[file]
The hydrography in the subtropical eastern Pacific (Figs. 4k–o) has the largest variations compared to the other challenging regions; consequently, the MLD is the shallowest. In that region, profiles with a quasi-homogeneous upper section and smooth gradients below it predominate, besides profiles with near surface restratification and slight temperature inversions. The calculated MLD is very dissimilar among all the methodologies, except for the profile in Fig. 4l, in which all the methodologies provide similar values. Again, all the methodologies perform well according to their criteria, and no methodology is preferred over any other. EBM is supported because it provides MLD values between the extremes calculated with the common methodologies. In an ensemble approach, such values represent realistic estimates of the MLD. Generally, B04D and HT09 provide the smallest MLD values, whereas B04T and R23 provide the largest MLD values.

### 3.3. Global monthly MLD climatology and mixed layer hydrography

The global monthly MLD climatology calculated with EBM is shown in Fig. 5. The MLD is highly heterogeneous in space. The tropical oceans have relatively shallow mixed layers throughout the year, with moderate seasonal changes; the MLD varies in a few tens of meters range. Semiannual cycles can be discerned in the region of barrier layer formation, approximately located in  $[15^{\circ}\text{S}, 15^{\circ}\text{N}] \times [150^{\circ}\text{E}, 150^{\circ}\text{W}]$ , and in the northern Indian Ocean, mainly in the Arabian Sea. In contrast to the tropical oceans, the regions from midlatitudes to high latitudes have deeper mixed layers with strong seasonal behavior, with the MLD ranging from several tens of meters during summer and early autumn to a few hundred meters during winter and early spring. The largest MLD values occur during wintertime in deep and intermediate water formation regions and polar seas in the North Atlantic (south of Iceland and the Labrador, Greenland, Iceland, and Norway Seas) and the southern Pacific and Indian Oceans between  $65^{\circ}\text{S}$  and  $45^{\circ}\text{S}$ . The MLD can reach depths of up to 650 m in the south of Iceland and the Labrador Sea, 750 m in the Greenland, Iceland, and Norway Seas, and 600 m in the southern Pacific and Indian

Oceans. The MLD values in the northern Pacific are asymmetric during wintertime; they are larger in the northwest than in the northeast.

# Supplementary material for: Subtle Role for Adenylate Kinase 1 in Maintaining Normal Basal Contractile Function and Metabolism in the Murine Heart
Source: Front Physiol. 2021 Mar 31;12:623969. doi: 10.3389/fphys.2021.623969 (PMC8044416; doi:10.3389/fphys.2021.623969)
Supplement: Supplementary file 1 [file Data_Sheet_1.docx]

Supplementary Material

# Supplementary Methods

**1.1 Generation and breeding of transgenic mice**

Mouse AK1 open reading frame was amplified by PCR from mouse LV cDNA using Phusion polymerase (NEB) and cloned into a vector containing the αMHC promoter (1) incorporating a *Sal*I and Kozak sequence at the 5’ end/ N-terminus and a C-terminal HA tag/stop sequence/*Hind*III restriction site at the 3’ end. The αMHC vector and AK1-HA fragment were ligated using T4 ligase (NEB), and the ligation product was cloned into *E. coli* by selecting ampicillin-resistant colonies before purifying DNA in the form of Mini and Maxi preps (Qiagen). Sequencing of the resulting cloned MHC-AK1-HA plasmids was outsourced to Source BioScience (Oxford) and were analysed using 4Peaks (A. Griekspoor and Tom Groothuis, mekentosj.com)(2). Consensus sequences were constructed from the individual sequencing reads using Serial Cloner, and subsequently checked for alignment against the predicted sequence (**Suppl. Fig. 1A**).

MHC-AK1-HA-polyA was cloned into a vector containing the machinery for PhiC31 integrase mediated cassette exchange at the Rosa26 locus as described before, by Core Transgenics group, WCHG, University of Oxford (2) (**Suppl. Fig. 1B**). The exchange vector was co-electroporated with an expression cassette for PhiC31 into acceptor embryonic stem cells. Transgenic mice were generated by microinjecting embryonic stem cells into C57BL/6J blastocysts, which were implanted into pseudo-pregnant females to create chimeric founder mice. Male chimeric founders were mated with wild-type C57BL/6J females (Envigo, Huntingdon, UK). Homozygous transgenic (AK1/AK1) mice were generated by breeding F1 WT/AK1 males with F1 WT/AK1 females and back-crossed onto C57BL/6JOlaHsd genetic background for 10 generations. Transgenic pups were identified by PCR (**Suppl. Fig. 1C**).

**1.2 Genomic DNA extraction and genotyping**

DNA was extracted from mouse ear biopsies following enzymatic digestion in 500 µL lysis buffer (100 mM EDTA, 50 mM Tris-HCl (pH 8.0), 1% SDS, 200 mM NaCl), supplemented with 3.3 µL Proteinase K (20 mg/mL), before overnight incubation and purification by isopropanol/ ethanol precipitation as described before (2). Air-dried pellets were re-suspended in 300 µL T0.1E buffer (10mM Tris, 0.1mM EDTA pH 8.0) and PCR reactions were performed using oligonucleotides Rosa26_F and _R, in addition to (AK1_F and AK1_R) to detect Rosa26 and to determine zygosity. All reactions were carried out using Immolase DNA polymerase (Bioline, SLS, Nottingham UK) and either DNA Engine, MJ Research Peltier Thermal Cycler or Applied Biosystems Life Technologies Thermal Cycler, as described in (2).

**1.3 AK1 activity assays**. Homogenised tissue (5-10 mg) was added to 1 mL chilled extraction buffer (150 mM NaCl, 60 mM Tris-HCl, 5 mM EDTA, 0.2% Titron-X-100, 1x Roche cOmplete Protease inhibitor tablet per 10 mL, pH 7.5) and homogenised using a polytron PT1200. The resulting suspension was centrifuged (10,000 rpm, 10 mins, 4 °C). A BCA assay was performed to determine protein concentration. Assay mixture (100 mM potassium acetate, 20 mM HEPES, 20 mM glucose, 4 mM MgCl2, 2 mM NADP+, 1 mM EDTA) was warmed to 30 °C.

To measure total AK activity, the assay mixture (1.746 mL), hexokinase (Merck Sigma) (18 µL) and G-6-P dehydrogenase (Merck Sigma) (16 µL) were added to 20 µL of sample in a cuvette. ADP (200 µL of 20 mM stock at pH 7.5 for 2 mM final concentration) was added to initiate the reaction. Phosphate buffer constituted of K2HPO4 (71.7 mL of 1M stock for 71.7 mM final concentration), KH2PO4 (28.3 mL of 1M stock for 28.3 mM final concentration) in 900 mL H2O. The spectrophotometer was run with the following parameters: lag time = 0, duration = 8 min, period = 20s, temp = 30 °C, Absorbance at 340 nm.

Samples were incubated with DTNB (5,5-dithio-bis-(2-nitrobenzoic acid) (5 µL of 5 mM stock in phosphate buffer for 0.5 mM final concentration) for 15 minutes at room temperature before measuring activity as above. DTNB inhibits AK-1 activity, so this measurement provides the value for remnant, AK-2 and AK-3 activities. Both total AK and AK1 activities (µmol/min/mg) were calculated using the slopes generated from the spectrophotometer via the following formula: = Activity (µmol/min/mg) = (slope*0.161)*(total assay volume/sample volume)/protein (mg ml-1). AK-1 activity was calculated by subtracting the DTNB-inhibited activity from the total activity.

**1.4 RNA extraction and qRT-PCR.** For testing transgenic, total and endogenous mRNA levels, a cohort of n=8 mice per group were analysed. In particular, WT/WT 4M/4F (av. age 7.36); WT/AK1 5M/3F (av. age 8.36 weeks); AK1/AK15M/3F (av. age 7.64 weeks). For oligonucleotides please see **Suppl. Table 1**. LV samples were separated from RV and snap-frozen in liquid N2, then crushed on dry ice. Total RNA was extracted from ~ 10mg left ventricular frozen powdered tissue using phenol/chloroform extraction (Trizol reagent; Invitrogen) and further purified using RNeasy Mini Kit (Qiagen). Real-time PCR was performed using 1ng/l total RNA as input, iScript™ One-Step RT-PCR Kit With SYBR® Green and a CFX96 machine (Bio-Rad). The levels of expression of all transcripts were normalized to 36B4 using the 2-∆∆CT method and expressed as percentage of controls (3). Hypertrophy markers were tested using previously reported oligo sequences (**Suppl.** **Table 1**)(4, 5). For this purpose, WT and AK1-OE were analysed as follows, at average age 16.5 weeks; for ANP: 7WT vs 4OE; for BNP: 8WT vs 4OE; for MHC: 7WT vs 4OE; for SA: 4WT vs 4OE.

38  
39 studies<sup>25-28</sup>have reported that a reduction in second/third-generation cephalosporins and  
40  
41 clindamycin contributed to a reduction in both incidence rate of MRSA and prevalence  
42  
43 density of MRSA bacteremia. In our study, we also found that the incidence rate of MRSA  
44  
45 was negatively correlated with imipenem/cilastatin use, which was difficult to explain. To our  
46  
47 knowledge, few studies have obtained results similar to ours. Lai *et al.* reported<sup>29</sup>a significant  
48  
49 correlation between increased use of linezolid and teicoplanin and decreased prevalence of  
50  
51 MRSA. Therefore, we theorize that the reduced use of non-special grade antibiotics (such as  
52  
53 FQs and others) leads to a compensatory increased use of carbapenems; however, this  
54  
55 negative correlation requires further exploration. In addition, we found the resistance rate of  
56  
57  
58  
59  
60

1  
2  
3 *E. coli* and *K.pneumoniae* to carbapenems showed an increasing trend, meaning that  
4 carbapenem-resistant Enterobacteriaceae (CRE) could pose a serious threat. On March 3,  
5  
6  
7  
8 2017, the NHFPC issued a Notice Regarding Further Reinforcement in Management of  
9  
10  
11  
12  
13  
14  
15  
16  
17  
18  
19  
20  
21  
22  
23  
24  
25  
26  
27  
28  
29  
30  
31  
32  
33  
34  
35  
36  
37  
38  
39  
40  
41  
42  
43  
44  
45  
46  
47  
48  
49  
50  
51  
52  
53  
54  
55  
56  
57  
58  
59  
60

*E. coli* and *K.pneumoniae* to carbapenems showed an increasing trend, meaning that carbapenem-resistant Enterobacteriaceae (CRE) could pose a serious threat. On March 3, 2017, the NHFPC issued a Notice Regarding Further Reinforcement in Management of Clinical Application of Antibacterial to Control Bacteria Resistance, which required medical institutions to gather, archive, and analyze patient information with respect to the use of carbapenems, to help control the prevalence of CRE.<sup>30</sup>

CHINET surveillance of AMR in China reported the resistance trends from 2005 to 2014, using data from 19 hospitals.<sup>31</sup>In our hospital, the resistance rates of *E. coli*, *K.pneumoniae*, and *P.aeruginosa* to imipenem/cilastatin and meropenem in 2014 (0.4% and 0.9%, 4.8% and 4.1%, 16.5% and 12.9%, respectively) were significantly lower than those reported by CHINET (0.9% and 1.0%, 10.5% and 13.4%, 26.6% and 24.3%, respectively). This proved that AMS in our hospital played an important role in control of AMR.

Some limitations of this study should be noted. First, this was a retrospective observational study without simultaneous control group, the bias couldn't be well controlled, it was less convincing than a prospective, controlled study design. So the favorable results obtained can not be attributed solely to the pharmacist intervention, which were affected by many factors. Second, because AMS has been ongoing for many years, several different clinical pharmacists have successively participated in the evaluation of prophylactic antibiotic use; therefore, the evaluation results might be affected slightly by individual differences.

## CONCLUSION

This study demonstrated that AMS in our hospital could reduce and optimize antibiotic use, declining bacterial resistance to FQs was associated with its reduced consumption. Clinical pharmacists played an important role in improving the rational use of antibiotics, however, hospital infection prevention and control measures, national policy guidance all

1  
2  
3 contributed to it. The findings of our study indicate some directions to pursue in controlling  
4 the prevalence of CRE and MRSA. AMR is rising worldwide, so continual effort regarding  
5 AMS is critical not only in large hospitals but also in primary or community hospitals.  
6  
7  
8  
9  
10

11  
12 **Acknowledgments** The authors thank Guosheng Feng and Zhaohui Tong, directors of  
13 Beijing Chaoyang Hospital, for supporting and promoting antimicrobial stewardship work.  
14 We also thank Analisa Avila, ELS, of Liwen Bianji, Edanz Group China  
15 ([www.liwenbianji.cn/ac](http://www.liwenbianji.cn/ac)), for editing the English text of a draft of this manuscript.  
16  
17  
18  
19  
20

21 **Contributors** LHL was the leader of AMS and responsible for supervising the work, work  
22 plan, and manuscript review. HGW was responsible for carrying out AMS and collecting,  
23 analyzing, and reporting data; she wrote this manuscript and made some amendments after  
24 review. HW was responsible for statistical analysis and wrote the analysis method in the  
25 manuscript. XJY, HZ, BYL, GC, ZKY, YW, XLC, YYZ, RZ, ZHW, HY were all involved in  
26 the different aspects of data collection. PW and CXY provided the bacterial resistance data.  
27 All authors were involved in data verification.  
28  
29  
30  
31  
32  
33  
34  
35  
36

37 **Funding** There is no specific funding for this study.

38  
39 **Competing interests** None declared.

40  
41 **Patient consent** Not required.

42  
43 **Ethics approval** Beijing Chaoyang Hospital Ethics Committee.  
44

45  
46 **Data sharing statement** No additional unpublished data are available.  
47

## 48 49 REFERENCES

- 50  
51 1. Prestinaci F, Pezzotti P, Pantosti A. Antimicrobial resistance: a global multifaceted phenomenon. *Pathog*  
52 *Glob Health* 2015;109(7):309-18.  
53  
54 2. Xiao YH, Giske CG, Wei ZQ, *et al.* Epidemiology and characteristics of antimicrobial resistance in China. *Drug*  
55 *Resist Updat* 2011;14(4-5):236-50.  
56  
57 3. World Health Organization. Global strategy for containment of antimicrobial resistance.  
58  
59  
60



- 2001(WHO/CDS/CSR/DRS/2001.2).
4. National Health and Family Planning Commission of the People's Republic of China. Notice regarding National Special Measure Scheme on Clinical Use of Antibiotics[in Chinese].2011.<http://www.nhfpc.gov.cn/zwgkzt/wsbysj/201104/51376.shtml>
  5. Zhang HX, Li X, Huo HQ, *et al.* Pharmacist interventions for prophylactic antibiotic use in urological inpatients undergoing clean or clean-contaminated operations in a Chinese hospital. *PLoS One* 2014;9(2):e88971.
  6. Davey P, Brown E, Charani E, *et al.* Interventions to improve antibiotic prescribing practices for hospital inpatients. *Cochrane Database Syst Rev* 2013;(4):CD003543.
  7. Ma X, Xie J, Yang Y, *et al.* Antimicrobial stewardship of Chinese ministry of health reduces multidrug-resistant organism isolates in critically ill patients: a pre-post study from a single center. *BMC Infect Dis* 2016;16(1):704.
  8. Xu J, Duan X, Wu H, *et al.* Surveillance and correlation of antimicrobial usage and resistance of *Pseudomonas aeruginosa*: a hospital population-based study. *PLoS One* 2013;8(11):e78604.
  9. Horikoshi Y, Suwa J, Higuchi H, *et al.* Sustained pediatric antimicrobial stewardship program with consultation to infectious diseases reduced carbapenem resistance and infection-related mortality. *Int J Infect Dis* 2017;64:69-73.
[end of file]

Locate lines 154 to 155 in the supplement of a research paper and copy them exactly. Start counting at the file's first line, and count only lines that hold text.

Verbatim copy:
## 48 49 REFERENCES

- 50  